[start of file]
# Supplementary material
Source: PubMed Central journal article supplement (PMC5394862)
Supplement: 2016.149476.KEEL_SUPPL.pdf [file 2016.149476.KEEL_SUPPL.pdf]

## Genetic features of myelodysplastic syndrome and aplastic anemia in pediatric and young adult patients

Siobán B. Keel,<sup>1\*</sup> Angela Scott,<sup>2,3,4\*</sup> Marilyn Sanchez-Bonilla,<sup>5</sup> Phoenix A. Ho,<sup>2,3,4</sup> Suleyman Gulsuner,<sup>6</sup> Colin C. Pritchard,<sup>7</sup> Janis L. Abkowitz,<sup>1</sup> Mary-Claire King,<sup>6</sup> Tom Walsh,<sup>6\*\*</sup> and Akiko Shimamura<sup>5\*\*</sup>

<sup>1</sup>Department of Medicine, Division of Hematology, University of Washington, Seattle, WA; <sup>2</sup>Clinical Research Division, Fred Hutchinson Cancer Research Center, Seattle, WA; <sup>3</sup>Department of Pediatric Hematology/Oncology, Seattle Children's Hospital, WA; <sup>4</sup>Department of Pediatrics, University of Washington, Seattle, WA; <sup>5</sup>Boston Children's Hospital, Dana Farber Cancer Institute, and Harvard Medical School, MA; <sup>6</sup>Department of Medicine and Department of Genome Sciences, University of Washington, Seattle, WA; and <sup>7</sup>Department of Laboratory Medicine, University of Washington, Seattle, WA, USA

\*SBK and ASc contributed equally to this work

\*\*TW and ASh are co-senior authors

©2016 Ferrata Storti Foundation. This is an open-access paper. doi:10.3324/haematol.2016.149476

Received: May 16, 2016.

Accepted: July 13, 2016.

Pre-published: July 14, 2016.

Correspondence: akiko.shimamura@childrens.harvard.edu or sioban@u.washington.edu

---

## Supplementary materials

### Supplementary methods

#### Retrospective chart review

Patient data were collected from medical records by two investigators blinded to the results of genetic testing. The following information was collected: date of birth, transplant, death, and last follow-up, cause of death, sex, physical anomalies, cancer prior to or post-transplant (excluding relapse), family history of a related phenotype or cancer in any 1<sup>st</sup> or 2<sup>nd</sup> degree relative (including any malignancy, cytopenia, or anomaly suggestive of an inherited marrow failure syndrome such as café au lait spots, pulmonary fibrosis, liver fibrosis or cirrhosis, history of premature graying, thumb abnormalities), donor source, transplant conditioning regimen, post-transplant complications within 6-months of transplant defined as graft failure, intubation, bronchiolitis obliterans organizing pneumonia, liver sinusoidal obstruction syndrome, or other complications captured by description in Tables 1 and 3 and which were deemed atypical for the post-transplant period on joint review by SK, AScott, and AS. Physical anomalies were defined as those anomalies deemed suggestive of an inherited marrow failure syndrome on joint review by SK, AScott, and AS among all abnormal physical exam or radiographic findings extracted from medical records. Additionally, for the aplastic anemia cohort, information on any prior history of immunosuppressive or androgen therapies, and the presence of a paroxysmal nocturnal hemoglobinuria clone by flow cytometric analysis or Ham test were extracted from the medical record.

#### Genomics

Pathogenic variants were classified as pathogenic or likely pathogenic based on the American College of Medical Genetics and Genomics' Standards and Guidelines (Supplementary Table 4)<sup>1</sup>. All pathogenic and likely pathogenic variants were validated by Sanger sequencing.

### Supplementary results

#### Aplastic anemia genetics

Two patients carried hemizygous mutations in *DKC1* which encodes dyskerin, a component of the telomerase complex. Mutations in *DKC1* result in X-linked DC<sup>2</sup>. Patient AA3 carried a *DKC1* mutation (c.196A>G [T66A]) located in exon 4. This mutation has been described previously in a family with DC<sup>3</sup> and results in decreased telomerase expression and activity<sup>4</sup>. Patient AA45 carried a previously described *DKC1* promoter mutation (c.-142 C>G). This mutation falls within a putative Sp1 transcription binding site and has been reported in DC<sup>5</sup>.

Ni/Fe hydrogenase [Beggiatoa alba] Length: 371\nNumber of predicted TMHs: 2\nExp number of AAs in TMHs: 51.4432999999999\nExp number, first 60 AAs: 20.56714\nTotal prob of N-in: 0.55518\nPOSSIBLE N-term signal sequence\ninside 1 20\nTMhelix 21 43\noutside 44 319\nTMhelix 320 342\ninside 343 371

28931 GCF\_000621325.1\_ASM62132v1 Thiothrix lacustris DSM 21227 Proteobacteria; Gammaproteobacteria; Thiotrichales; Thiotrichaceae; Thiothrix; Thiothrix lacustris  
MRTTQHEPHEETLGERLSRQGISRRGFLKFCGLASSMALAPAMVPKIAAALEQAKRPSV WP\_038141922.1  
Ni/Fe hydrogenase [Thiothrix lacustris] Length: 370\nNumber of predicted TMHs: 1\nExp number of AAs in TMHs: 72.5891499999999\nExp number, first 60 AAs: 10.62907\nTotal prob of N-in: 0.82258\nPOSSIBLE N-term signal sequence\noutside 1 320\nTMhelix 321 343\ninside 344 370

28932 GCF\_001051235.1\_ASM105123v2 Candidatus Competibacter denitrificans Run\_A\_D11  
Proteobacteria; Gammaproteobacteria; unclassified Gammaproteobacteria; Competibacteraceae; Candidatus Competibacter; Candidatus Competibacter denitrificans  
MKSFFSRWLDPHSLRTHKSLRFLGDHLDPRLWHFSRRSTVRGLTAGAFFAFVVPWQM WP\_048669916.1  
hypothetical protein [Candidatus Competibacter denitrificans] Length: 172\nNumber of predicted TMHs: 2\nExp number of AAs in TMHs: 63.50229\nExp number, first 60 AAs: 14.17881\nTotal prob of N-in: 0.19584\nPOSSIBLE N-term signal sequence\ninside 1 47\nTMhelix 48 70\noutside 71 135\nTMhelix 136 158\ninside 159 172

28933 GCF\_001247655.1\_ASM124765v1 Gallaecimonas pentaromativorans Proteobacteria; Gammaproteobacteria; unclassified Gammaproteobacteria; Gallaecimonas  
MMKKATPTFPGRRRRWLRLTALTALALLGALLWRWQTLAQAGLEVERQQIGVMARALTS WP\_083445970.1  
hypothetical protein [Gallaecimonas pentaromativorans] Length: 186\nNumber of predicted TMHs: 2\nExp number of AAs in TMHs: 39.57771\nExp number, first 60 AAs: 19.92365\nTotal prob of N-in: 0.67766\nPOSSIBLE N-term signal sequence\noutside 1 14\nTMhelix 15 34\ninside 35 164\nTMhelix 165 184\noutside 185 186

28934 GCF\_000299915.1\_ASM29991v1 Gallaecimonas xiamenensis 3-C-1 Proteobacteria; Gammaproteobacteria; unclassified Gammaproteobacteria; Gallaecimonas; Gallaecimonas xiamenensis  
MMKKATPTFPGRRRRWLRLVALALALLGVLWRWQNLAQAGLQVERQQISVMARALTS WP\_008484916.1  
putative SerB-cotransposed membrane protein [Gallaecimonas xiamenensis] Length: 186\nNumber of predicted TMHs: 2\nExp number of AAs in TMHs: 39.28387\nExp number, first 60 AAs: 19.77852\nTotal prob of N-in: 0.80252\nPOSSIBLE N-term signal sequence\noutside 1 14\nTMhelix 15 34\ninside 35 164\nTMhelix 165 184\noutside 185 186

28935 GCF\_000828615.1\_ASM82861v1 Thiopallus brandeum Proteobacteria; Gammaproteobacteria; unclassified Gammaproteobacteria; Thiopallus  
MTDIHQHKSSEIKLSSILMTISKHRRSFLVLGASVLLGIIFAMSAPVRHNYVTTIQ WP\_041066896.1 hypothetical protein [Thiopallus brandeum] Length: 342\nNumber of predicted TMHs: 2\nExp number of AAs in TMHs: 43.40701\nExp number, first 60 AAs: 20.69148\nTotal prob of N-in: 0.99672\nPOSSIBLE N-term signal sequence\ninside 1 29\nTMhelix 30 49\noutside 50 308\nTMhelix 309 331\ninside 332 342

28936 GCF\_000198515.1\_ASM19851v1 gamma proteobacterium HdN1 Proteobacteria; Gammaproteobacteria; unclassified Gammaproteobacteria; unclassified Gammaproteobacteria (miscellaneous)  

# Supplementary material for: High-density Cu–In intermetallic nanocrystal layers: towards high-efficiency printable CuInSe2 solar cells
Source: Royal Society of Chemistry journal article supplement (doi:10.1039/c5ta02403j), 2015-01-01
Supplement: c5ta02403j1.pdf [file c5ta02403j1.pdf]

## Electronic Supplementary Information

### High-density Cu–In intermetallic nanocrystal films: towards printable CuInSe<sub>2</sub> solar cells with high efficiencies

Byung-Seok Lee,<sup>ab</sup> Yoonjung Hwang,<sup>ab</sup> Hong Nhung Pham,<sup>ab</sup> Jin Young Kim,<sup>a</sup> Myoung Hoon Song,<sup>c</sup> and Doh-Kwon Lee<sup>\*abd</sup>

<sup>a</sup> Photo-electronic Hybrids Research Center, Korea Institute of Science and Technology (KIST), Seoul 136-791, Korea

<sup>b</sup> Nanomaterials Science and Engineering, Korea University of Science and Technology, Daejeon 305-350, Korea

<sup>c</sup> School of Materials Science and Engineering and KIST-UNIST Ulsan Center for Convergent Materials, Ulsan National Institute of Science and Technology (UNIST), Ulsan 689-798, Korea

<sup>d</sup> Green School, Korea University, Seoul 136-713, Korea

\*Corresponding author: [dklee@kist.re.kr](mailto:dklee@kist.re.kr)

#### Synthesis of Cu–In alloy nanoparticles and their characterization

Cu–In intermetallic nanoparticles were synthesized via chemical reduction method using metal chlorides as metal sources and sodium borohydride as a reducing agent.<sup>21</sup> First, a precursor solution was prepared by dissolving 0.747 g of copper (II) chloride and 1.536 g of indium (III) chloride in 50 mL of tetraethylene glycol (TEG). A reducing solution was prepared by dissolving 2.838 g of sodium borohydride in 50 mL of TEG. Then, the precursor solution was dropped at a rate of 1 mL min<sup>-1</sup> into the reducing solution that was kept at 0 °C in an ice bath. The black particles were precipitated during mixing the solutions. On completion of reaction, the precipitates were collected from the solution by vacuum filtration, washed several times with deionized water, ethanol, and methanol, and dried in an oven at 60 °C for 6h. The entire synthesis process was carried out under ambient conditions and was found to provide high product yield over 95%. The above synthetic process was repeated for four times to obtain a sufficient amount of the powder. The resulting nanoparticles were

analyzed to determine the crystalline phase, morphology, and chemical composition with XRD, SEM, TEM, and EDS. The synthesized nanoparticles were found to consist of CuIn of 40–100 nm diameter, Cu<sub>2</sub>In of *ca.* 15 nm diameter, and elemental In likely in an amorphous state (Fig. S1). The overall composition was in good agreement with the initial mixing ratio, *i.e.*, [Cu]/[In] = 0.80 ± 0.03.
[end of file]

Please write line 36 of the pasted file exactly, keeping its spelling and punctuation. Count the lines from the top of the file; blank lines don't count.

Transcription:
MMKKATPTFPGRRRRWLRLVALALALLGVLWRWQNLAQAGLQVERQQISVMARALTS WP\_008484916.1  